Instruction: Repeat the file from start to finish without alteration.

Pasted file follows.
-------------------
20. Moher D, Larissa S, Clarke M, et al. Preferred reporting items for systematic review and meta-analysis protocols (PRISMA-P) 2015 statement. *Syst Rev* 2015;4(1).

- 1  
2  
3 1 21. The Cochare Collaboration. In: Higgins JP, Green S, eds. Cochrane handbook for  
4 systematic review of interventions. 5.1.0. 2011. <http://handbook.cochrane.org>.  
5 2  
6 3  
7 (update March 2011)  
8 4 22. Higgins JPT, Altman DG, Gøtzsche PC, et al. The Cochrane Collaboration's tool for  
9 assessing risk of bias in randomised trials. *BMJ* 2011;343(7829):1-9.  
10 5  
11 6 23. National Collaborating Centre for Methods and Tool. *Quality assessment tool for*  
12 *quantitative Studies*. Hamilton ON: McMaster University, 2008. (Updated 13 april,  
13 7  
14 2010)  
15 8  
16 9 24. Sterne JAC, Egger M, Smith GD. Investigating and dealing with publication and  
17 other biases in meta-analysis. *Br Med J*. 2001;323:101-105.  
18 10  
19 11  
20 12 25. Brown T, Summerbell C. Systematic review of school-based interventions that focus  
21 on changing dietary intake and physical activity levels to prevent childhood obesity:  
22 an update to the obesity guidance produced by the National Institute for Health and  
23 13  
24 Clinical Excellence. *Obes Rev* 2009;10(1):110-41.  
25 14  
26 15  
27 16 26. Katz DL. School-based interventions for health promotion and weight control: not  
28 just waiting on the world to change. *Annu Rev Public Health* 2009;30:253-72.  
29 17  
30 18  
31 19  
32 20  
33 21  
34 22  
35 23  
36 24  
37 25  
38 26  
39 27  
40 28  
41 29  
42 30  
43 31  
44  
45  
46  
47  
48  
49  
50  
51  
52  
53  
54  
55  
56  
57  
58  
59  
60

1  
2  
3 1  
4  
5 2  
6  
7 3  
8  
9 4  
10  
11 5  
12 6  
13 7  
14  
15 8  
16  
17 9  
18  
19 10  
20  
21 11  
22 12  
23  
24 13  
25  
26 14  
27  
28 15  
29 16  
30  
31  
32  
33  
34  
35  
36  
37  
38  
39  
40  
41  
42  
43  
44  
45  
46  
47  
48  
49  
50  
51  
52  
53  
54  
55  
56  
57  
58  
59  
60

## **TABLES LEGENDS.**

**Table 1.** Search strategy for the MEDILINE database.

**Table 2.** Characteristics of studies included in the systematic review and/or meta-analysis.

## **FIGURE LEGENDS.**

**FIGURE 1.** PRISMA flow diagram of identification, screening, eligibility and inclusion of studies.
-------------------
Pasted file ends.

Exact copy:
20. Moher D, Larissa S, Clarke M, et al. Preferred reporting items for systematic review and meta-analysis protocols (PRISMA-P) 2015 statement. *Syst Rev* 2015;4(1).

- 1  
2  
3 1 21. The Cochare Collaboration. In: Higgins JP, Green S, eds. Cochrane handbook for  
4 systematic review of interventions. 5.1.0. 2011. <http://handbook.cochrane.org>.  
5 2  
6 3  
7 (update March 2011)  
8 4 22. Higgins JPT, Altman DG, Gøtzsche PC, et al. The Cochrane Collaboration's tool for  
9 assessing risk of bias in randomised trials. *BMJ* 2011;343(7829):1-9.  
10 5  
11 6 23. National Collaborating Centre for Methods and Tool. *Quality assessment tool for*  
12 *quantitative Studies*. Hamilton ON: McMaster University, 2008. (Updated 13 april,  
13 7  
14 2010)  
15 8  
16 9 24. Sterne JAC, Egger M, Smith GD. Investigating and dealing with publication and  
17 other biases in meta-analysis. *Br Med J*. 2001;323:101-105.  
18 10  
19 11  
20 12 25. Brown T, Summerbell C. Systematic review of school-based interventions that focus  
21 on changing dietary intake and physical activity levels to prevent childhood obesity:  
22 an update to the obesity guidance produced by the National Institute for Health and  
23 13  
24 Clinical Excellence. *Obes Rev* 2009;10(1):110-41.  
25 14  
26 15  
27 16 26. Katz DL. School-based interventions for health promotion and weight control: not  
28 just waiting on the world to change. *Annu Rev Public Health* 2009;30:253-72.  
29 17  
30 18  
31 19  
32 20  
33 21  
34 22  
35 23  
36 24  
37 25  
38 26  
39 27  
40 28  
41 29  
42 30  
43 31  
44  
45  
46  
47  
48  
49  
50  
51  
52  
53  
54  
55  
56  
57  
58  
59  
60

1  
2  
3 1  
4  
5 2  
6  
7 3  
8  
9 4  
10  
11 5  
12 6  
13 7  
14  
15 8  
16  
17 9  
18  
19 10  
20  
21 11  
22 12  
23  
24 13  
25  
26 14  
27  
28 15  
29 16  
30  
31  
32  
33  
34  
35  
36  
37  
38  
39  
40  
41  
42  
43  
44  
45  
46  
47  
48  
49  
50  
51  
52  
53  
54  
55  
56  
57  
58  
59  
60

## **TABLES LEGENDS.**

**Table 1.** Search strategy for the MEDILINE database.

**Table 2.** Characteristics of studies included in the systematic review and/or meta-analysis.

## **FIGURE LEGENDS.**

**FIGURE 1.** PRISMA flow diagram of identification, screening, eligibility and inclusion of studies.